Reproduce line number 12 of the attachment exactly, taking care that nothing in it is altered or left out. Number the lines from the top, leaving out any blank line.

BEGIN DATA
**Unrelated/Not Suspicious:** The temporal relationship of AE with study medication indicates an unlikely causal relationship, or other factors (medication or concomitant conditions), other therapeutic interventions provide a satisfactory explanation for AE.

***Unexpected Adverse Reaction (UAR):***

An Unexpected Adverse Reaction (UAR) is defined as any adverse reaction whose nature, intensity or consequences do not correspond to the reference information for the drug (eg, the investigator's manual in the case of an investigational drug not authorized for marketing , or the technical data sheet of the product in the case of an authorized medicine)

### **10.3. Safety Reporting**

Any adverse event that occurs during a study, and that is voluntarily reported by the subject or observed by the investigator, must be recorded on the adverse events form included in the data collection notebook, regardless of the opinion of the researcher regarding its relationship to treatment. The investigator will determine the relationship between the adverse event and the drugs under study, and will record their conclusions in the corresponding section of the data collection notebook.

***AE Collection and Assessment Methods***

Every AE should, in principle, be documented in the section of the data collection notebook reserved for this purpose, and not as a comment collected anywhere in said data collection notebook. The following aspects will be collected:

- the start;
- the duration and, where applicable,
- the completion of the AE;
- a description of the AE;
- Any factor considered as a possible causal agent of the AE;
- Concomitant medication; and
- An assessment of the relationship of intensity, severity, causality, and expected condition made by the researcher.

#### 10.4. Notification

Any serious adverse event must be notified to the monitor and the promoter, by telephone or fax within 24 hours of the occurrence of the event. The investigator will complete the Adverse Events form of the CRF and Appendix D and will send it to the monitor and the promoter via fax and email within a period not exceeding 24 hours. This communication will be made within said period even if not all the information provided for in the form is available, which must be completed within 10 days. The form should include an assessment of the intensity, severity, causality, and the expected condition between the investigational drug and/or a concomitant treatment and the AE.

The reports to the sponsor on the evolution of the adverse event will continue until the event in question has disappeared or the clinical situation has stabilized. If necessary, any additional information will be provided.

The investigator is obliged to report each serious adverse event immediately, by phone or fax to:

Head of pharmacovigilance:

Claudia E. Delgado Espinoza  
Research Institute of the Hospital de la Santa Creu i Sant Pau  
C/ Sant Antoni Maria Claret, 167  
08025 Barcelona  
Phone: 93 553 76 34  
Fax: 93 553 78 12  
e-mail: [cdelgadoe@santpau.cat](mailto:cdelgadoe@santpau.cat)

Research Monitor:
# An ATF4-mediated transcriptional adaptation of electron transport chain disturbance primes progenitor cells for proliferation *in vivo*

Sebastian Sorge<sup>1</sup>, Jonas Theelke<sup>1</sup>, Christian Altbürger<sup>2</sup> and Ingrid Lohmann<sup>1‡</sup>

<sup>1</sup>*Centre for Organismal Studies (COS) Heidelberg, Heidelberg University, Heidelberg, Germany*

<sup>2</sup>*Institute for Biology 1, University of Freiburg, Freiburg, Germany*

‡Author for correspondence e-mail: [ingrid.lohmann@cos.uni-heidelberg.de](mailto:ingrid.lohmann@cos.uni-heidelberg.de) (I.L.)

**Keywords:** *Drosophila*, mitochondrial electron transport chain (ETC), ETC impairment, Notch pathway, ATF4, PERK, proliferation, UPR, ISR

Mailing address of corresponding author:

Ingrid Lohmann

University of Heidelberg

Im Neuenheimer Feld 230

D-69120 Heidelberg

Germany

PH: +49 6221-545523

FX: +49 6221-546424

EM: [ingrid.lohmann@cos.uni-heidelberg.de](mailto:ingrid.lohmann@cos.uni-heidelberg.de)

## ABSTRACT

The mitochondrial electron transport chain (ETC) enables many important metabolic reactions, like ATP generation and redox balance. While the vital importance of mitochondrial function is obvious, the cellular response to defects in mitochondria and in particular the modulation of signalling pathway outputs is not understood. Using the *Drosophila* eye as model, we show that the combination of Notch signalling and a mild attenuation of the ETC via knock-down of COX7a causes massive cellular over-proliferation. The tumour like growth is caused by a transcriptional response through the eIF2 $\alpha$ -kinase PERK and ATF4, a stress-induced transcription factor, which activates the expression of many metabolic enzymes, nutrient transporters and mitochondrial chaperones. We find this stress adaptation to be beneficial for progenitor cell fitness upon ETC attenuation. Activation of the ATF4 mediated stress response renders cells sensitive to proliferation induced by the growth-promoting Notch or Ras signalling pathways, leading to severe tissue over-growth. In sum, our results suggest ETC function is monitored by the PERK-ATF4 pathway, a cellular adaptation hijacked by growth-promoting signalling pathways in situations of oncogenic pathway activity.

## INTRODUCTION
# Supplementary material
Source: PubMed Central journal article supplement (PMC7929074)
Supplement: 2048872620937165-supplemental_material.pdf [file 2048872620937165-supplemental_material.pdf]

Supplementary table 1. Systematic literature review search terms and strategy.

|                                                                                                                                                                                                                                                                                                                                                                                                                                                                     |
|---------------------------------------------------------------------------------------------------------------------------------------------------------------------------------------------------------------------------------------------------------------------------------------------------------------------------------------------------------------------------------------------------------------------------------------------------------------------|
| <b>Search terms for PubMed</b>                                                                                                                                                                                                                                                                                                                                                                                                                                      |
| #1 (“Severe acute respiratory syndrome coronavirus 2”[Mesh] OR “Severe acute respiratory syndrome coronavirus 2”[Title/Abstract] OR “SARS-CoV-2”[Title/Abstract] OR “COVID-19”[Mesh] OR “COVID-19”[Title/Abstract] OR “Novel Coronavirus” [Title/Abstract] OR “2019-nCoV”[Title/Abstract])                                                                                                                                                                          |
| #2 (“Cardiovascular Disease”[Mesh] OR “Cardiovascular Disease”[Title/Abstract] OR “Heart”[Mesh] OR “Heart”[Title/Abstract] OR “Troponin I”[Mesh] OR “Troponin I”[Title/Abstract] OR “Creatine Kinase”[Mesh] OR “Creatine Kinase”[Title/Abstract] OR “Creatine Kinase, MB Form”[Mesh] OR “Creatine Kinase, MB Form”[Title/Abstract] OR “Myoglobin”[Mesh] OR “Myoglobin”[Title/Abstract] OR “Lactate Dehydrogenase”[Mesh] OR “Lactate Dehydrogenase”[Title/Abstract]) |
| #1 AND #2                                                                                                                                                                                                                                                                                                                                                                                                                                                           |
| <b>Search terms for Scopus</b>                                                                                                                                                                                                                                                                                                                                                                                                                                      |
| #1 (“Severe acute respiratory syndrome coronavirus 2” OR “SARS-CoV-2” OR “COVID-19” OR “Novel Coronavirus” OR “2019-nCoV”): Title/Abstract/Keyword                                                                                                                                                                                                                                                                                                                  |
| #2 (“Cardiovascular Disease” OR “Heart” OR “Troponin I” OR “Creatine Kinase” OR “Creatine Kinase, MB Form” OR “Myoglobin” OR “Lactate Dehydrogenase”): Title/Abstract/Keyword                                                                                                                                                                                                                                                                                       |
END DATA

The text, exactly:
- Any factor considered as a possible causal agent of the AE;